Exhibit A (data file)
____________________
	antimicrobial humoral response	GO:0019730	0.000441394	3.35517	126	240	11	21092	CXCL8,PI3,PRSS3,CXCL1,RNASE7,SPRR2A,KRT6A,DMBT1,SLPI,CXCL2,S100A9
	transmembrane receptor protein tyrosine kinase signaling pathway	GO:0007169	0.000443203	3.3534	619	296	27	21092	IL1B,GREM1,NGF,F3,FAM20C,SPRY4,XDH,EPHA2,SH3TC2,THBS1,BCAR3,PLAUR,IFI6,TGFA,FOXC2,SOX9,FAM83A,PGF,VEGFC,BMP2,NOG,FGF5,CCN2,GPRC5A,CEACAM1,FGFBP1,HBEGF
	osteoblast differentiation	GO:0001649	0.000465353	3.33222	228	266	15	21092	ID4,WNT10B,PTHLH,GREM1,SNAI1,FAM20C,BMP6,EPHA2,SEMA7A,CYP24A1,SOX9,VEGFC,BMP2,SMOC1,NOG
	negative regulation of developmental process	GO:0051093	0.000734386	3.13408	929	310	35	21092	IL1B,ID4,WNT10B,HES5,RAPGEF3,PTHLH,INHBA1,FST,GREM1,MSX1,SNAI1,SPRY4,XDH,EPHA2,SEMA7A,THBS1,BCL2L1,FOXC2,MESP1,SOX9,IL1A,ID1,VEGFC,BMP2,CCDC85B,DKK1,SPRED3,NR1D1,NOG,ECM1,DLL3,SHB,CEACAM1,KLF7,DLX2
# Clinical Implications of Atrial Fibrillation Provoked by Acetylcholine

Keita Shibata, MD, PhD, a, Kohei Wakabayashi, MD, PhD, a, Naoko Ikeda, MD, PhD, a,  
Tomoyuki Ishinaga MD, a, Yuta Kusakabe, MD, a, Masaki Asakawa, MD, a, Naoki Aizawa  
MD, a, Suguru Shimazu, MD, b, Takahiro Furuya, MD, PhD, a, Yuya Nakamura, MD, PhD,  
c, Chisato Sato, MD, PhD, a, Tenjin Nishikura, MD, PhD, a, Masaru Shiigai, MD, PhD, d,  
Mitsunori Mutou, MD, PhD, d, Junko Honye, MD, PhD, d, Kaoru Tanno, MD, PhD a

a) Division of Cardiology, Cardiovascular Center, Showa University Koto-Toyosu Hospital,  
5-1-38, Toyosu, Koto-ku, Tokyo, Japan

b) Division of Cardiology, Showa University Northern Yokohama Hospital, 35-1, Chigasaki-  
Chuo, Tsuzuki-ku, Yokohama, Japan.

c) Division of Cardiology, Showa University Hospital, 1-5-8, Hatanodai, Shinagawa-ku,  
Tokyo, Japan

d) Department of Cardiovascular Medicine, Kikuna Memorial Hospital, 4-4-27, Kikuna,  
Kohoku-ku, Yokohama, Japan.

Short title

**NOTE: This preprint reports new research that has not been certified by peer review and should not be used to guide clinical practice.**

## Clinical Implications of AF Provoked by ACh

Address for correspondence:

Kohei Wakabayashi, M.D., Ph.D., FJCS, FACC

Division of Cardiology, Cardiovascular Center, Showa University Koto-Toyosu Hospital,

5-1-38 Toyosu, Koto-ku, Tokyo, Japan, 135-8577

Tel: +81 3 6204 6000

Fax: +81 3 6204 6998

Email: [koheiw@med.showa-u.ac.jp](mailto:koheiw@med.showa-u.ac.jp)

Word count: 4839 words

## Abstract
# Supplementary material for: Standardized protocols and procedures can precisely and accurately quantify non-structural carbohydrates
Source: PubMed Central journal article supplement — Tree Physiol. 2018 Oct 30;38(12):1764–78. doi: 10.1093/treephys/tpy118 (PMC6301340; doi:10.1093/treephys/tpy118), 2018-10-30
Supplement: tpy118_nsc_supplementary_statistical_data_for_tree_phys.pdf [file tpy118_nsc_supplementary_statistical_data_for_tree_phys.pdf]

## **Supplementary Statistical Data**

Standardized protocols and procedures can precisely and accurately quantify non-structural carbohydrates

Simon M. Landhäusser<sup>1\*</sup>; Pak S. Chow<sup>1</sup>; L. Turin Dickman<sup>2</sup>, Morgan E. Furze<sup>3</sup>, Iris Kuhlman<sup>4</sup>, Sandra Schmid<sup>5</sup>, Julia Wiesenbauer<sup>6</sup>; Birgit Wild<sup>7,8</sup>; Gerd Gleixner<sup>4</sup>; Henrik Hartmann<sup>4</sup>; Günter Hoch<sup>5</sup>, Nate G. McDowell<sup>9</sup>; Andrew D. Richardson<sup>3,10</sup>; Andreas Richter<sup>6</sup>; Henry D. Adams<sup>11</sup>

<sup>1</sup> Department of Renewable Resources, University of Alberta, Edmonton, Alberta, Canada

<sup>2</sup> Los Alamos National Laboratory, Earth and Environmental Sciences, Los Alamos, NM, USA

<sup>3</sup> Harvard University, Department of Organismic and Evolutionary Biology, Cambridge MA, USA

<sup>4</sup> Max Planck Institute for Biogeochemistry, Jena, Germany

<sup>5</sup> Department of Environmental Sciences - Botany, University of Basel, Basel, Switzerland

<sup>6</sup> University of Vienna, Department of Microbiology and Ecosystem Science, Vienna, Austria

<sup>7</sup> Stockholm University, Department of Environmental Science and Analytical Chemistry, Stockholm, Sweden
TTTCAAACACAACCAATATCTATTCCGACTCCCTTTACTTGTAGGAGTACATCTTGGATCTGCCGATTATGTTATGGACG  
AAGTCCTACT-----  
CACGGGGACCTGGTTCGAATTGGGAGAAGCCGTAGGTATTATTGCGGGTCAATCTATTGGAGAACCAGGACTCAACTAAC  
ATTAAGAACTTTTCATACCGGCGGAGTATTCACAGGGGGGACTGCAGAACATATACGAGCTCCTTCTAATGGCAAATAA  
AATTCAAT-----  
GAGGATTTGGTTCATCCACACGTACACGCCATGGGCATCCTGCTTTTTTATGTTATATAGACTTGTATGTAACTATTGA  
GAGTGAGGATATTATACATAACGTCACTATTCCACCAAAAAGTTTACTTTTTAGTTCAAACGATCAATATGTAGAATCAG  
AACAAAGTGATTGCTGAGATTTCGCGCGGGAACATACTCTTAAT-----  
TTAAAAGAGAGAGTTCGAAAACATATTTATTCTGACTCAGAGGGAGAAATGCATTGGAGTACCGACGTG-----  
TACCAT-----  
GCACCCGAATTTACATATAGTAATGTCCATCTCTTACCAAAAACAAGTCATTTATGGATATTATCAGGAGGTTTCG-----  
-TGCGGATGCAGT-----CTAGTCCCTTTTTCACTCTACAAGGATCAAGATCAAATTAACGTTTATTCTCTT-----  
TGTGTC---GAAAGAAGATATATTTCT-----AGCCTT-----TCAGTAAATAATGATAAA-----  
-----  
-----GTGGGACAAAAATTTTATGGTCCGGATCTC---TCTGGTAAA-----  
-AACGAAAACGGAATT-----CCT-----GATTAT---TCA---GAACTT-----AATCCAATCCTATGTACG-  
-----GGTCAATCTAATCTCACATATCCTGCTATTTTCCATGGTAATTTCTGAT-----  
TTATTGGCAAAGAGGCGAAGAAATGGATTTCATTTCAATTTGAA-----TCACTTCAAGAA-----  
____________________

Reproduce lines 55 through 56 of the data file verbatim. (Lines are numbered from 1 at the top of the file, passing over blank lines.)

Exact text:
-TGCGGATGCAGT-----CTAGTCCCTTTTTCACTCTACAAGGATCAAGATCAAATTAACGTTTATTCTCTT-----  
TGTGTC---GAAAGAAGATATATTTCT-----AGCCTT-----TCAGTAAATAATGATAAA-----  